Amish Beard Cutters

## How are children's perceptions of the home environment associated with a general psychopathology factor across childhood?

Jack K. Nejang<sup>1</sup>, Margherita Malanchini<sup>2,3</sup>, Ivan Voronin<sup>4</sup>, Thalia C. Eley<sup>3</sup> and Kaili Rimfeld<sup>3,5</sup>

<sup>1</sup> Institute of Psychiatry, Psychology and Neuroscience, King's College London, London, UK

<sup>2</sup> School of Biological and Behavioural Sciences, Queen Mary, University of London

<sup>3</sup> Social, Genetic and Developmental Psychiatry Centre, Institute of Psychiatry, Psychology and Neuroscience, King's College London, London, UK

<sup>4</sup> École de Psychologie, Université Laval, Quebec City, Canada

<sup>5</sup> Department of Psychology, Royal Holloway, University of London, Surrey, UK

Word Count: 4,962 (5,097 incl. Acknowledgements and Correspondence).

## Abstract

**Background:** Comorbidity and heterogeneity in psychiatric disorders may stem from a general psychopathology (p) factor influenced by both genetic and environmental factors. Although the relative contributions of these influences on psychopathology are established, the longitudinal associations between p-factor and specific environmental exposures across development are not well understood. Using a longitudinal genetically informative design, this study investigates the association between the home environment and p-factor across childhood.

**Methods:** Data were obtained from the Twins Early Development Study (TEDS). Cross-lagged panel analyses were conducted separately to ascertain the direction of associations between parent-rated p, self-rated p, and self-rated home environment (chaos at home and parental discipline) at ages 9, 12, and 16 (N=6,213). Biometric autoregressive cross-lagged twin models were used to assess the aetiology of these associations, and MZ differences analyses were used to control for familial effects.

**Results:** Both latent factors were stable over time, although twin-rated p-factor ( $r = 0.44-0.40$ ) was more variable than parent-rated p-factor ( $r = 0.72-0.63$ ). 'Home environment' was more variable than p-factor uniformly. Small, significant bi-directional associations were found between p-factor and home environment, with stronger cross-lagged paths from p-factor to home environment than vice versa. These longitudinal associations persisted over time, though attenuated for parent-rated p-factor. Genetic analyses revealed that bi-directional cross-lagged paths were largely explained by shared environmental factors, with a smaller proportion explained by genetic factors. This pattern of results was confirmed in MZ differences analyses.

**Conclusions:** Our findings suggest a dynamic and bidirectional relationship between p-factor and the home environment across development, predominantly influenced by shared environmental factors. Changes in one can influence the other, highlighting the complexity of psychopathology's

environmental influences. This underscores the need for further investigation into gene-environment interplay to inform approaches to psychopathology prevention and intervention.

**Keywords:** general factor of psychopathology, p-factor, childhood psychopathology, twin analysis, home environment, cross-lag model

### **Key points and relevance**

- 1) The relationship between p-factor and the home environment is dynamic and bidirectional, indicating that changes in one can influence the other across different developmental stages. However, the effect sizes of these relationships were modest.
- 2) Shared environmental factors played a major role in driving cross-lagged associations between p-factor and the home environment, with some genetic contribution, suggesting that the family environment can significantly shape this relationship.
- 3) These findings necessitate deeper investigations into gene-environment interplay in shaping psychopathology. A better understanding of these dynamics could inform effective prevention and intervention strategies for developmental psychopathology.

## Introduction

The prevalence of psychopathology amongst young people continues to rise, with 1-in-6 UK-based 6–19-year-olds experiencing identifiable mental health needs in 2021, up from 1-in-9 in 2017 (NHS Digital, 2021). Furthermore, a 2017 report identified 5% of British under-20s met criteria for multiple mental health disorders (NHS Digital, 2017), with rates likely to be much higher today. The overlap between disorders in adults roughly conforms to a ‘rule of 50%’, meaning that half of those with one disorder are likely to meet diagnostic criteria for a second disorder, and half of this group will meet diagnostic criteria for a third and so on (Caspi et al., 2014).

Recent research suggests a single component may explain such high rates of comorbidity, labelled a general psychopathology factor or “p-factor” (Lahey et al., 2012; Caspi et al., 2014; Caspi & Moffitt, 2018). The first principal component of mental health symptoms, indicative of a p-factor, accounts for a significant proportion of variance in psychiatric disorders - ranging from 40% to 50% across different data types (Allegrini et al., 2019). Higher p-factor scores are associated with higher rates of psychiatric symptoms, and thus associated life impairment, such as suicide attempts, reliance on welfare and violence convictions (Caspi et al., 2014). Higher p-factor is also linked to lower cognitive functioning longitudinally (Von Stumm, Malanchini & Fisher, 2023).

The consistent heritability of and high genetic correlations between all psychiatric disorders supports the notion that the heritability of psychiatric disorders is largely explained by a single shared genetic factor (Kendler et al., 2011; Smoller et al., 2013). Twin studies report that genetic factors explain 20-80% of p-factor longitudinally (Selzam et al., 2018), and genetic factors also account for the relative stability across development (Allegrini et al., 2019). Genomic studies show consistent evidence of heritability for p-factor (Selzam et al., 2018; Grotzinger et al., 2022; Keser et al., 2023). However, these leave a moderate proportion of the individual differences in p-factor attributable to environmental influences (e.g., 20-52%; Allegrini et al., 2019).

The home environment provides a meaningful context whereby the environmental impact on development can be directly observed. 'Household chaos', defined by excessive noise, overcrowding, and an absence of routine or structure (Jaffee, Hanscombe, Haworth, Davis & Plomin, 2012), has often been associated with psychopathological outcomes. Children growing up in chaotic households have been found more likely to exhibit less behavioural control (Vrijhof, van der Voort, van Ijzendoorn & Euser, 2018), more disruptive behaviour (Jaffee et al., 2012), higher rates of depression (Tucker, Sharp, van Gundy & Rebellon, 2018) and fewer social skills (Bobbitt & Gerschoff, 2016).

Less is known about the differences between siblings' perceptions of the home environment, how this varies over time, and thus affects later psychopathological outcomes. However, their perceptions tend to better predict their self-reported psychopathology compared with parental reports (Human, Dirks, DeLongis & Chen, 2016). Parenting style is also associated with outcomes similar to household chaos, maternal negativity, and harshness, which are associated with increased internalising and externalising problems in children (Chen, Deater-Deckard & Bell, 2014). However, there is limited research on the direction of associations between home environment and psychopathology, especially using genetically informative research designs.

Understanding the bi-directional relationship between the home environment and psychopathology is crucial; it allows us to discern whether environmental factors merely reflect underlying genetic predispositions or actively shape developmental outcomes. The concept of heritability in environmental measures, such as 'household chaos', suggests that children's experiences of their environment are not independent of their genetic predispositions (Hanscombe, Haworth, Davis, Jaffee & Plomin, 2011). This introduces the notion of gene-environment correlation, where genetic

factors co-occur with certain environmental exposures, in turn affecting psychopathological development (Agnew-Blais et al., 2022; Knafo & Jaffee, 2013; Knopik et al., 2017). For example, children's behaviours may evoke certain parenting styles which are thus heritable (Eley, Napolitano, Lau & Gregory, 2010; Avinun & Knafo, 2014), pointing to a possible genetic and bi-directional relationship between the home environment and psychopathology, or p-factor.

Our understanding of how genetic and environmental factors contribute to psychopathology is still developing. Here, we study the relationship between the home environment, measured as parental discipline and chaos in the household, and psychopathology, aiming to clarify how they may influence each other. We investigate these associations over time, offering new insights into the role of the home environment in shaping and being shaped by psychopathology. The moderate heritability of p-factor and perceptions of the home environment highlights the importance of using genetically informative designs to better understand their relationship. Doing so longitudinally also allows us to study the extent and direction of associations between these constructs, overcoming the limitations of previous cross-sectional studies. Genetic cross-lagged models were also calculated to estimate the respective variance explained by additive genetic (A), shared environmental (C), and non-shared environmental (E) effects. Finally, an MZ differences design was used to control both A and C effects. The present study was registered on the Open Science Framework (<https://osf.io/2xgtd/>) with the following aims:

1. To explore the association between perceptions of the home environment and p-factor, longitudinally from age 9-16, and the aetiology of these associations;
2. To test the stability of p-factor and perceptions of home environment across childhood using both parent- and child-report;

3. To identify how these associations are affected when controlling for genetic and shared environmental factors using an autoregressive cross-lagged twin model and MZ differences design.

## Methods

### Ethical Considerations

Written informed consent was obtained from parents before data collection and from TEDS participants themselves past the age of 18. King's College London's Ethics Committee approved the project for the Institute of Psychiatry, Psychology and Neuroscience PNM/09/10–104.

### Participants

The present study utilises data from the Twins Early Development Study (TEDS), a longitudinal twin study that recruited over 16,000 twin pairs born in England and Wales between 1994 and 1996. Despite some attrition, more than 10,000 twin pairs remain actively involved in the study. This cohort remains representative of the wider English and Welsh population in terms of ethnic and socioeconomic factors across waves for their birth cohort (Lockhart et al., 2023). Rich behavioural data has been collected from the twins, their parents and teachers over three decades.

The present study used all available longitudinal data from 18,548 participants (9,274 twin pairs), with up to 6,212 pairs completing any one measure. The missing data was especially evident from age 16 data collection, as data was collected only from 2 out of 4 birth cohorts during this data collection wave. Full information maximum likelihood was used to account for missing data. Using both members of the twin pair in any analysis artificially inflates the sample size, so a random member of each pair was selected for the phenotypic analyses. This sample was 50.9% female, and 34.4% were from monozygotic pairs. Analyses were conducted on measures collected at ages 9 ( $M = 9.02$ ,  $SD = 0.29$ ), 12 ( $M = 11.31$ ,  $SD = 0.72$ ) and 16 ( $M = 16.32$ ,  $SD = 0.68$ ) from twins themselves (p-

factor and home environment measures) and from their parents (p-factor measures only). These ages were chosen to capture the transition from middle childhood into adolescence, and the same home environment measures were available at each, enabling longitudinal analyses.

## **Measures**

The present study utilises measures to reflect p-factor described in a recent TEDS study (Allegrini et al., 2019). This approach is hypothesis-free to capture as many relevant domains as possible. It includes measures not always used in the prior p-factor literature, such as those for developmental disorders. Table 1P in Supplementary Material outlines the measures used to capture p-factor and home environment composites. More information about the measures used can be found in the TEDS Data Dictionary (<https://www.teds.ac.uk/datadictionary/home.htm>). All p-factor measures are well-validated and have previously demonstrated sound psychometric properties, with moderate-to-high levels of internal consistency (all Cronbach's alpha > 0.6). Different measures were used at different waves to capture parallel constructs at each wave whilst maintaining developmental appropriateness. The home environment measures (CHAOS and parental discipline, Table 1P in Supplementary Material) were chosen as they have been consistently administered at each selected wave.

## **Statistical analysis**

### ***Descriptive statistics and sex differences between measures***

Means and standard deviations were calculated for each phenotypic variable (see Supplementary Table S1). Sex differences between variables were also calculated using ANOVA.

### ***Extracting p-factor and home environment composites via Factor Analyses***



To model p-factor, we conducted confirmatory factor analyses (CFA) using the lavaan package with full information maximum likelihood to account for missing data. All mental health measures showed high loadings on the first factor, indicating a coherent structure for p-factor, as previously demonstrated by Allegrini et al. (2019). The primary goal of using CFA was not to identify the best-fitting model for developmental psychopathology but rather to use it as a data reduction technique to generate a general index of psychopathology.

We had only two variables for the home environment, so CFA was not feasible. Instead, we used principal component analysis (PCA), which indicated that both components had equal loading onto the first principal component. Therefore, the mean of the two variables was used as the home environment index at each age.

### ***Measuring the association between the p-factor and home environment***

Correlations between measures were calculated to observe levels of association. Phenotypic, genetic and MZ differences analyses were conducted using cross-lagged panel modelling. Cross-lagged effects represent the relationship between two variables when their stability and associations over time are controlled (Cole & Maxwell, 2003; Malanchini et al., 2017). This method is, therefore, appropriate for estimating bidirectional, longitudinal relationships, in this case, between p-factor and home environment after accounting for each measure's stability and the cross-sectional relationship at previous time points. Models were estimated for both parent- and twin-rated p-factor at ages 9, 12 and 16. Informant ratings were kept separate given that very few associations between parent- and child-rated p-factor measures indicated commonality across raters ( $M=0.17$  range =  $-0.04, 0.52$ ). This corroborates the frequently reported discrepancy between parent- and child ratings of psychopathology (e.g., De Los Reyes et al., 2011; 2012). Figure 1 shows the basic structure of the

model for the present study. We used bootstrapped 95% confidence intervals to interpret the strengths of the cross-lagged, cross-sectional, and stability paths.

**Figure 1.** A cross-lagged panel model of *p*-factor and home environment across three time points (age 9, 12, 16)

Sitting on the back of a horse-drawn hay-cart on his dairy farm in the rolling rural heartland of Amish country, Andy Hershberger gripped his foot-long beard as he replayed the struggle with assailants wielding hair-clippers. “They were holding me down and had already got a chunk of the hair from my head,” he explained. “They had my beard in their hands like this and they were ready to shear it when the clippers broke.” But for his 77-year-old father Raymond, a bishop in the fundamentalist Protestant sect, there was no such good fortune. The attackers cut off his long white beard and much of the hair from his head before they fled into the night. Now what makes this attack so unusual is that this was not a case of “the English vs. the Amish” but “the Amish vs. the Amish.” It all began when one Amish group instituted a shunning against certain of its members. But some other Amish groups decided that this shunning was not justified and therefore refused to go along with it. So the shunners decided to teach a lesson to those who wouldn’t shun the shunned – by cutting off the hair of the women and the hair and beard of the men. (In Amish culture, hair and beards have great spiritual symbolism.) This in turn resulted in a criminal charge brought by the shorn against the cutters. As the sixteen accused (ten male, six female) entered the courtroom, they certainly did not look like a gang of hate-fueled criminals. The men sported the familiar long moustache-less beards, bowl-like haircuts, and the customary garb of home-made trousers held up (back) by braces over tie-less, buttoned-up shirts. The ladies dressed just as plainly, covering their hair with caps and wearing long frocks, also buttoned to the neck, and thick stockings. Other members of the defendents’ group watched the court proceedings from the gallery and chatted together in the German dialect that all Amish still use among themselves. During breaks in the proceedings, they sat in the court cafeteria and paid rapt attention to the daytime chat shows on the television – a device strictly forbidden at home. A segment about relationships in which the woman went out to work while the man stayed at home as a “house husband” – an arrangement that would be completely anathema in the highly patriarchal Amish society – prompted awkward giggles from the women and head-shaking from the men. The trial lasted three weeks with the sixteen hair-cutters using the defense that this was an internal religious matter and not one for the public courts. (“You have your laws on the road and town, if somebody doesn’t obey them, you punish them. But we’re not allowed to punish our own church people?”) The prosecution disagreed and went beyond trespassing and assault by adding the much more serious charge of it also being a hate crime. It took the jury five days to reach a verdict, but they came back with a guilty plea on all counts. The leader of the group faces life in prison. The other fifteen members (some of whom held their own parents down and shorn their hair and/or beards) could get up to twenty years each behind bars (all of these fifteen are under the age of forty and would need up to fifty of their children looked after when they are incarcerated.) The sentencing date is on Tuesday, January 24th in Ohio. The leader and six who are single are currently in jail and the nine who are parents are out on bond. But federal authorities have filed a bond revocation issue to have the nine also locked up and that hearing is this week. Needless to say, the public ordeal has been very wrenching for such a private people.